This book was a prized possession for me around the time I was ten or eleven. I think, at the time, that it was the only book I could find on the subject in a small Florida town in the days before the Internet and Amazon.
I once had aspirations of being a comic book artist though. I succeeded in my middle school years and put out some books after starting a company with some friends. We successfully sold a few dozen comics (per release) to other kids but being twelve in an era without Internet meant that you had to pound the pavement and things like school and chores often times got in the way.
This book taught me a lot at the time though.
If it wasn’t for this book, I wouldn’t have had as good of a grasp on drawing dynamic motion, shadowing, light and understanding perspective.
In some regard, this book is now dated but that is mostly due to the art style and some of the old school techniques that this teaches. It’s a very straight to basics book that came out before the digital era. Therefore, it doesn’t touch on modern techniques like creating comic book art digitally.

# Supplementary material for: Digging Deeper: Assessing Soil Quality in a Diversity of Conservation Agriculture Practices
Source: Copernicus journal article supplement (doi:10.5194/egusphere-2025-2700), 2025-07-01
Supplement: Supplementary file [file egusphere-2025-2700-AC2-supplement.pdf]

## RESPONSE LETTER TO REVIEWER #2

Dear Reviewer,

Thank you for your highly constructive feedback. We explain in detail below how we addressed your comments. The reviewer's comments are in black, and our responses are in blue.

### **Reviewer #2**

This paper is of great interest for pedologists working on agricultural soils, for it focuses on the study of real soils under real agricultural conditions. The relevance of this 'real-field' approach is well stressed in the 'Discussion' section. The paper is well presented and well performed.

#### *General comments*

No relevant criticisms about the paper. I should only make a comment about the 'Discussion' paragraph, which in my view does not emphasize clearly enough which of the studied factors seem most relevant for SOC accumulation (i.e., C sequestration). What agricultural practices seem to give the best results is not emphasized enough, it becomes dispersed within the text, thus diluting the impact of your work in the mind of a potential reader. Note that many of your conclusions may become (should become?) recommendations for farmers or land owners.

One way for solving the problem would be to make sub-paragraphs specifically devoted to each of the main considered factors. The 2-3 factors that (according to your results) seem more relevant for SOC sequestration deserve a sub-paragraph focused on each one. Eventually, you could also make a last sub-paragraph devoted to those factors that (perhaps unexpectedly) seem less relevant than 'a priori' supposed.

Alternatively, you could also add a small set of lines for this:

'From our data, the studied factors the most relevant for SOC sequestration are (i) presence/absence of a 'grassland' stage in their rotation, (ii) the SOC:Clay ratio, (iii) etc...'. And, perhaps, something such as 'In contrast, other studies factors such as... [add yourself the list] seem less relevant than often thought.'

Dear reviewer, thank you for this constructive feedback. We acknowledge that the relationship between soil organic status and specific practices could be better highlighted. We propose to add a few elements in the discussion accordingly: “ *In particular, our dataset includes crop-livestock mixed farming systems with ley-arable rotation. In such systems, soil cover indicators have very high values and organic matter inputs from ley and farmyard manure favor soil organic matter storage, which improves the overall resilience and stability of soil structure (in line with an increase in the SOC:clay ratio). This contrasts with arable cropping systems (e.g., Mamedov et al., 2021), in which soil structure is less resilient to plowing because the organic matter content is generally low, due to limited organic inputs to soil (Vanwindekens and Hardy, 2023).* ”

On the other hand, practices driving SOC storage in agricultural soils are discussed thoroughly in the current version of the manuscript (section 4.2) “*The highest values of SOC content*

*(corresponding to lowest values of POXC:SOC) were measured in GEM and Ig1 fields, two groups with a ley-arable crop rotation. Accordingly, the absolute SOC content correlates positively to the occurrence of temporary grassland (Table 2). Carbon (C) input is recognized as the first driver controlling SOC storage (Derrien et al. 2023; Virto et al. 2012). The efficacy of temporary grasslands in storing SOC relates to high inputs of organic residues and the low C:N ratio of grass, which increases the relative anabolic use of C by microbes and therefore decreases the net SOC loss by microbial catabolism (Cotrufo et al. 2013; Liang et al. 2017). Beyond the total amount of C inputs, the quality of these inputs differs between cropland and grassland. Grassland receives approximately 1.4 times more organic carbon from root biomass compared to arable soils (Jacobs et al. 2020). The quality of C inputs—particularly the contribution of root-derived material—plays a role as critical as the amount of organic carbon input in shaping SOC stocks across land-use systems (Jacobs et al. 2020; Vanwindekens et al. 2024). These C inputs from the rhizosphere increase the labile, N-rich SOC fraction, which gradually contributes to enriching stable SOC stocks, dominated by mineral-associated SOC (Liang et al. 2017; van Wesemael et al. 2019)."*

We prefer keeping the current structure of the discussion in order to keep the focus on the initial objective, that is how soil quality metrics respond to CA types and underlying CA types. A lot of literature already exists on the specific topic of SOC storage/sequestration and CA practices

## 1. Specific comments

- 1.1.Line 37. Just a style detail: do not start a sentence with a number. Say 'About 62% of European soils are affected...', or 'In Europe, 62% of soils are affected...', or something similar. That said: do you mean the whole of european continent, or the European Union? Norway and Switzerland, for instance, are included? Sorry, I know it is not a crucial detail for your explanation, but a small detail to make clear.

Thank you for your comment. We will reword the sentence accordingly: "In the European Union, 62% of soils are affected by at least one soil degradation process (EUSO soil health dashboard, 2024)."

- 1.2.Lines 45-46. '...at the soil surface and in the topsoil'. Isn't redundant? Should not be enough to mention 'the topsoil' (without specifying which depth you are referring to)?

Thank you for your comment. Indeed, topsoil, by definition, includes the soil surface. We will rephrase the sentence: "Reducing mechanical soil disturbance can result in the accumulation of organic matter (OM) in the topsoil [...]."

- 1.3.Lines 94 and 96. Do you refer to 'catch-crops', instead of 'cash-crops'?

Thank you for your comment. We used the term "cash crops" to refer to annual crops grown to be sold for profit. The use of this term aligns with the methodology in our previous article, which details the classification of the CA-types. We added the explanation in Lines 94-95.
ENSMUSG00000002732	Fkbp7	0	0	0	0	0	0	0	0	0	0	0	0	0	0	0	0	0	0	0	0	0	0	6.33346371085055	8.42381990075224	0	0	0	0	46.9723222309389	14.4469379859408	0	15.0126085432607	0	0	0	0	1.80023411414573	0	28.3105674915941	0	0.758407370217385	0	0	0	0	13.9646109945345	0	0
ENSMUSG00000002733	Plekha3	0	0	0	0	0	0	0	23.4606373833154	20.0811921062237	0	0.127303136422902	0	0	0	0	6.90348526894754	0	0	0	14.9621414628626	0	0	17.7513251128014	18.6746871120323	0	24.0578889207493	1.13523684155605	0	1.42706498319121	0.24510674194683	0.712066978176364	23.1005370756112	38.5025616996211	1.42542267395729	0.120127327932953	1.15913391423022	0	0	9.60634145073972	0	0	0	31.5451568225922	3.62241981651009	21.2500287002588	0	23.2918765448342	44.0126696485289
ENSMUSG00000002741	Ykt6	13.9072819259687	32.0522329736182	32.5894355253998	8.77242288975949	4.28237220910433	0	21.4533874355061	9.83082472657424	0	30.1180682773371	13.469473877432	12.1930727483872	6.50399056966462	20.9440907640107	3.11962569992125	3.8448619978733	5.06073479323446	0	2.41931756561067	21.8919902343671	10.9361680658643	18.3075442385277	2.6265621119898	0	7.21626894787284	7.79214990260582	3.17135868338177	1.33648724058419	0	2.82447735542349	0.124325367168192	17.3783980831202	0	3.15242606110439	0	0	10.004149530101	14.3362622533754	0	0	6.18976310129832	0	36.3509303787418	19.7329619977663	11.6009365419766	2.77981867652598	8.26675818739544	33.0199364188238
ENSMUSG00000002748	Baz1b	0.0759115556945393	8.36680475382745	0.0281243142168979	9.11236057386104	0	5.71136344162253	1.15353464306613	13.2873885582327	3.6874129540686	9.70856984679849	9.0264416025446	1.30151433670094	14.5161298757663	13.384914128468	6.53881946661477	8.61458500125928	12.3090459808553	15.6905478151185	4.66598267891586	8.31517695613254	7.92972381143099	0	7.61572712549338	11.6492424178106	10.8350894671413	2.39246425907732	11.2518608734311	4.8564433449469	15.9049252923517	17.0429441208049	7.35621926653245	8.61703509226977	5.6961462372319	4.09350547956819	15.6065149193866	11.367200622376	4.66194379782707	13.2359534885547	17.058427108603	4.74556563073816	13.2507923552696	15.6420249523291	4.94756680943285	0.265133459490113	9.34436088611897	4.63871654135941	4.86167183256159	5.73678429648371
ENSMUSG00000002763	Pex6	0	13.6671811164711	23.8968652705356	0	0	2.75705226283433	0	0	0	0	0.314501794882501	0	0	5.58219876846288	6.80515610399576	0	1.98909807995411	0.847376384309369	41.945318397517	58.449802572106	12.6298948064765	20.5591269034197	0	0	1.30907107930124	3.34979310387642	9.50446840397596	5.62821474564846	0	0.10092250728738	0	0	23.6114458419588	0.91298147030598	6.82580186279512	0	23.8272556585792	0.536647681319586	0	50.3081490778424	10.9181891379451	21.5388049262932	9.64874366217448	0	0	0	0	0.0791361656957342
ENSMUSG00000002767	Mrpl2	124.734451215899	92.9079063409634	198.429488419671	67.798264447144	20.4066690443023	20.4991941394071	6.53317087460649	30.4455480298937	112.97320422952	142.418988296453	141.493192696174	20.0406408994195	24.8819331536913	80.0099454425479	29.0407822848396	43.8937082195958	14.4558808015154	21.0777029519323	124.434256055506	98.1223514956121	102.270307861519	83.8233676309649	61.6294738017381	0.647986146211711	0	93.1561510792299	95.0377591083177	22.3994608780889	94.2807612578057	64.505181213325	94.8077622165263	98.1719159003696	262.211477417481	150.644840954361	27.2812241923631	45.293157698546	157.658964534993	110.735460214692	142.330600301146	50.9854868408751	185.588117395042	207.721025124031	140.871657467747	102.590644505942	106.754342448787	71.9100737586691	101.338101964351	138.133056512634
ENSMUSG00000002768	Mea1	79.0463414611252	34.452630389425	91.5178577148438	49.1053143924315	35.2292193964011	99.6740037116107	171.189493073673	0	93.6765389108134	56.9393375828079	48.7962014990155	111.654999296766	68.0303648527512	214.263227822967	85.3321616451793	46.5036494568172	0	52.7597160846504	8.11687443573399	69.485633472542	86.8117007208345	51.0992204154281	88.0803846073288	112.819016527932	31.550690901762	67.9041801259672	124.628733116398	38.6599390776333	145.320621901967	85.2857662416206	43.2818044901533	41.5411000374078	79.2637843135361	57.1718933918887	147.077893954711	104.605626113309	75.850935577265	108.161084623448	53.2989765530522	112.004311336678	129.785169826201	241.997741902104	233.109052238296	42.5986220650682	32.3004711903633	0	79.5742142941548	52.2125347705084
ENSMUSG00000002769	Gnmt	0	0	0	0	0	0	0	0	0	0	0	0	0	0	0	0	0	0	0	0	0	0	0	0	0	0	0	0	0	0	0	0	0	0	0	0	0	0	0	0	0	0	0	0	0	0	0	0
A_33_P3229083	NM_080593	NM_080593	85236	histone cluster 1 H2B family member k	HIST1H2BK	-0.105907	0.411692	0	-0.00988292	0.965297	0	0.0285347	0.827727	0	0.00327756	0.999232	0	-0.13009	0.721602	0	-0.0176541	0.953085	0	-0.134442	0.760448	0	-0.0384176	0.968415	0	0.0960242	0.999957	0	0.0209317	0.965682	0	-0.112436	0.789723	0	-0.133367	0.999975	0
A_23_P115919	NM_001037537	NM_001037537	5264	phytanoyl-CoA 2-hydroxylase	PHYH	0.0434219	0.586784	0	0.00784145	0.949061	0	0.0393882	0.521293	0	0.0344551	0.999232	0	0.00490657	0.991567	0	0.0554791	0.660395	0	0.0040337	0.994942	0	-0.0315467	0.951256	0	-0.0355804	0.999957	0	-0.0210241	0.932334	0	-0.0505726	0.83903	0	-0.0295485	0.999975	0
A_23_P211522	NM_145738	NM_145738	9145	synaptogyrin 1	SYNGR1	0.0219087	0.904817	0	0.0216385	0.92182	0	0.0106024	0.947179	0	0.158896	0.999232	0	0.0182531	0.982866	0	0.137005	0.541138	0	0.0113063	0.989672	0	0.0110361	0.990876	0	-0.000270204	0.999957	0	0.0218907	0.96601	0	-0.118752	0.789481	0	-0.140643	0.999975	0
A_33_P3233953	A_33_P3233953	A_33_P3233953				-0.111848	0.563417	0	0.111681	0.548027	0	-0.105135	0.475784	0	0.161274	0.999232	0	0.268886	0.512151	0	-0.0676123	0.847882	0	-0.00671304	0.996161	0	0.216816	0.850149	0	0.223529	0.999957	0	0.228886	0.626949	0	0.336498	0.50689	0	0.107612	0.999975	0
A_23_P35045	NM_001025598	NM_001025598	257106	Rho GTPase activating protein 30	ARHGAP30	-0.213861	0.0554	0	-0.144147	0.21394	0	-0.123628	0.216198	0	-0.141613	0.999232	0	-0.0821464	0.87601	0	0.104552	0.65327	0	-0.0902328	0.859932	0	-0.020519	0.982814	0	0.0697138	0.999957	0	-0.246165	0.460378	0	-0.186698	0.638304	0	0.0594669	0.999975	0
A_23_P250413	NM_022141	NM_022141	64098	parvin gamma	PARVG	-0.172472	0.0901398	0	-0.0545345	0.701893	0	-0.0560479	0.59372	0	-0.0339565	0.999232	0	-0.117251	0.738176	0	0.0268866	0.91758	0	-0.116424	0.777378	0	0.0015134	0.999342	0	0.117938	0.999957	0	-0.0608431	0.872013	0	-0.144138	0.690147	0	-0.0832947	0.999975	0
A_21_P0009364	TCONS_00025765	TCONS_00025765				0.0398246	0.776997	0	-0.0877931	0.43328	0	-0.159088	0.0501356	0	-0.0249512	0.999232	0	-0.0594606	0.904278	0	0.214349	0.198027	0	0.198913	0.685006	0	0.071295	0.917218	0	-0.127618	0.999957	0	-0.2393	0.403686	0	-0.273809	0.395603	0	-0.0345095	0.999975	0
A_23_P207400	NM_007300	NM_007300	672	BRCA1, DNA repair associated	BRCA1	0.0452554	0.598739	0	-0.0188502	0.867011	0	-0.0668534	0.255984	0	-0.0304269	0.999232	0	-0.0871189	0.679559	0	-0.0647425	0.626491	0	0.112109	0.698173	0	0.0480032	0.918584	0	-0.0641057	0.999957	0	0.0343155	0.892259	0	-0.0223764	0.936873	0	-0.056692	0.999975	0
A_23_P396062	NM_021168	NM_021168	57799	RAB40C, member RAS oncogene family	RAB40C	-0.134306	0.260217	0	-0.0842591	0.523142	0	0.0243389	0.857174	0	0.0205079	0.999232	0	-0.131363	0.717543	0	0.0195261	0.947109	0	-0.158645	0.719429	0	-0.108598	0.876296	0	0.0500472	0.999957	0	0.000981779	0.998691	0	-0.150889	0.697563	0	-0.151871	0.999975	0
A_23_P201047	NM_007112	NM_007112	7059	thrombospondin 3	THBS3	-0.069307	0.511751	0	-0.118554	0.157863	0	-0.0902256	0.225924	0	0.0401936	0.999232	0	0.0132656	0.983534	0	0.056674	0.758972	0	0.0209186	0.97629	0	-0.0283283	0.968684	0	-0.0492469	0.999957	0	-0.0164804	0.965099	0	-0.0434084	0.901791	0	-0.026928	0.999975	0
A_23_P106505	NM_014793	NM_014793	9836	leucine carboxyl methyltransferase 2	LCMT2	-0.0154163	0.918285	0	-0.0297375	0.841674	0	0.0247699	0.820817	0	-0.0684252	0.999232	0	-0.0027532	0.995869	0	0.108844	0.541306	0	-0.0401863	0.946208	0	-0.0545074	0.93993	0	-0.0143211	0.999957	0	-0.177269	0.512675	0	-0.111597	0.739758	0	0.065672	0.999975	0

Still, this is a great starting point for anyone as the core things that this teaches are still necessary today.
In fact, many comic book pros could benefit from the lessons here as dynamic motion seems to be dying and perspective has been a bit wonky in several of the mainstream titles I’ve looked at lately.
If someone is serious about becoming a comic book artist and learning the craft, this should definitely have a place in their library. There are more up to date books on the subject that have come out over the years though. I plan to review some of them in the future but I wanted to go back and give respect to this one first, the O.G. comic book art manual.
Pairs well with: Writing and Illustrating the Graphic Novel, Framed Ink, Figure Drawing for Comics and Graphic Novels, Cartooning: The Head & Figure and Realistic Figure Drawing.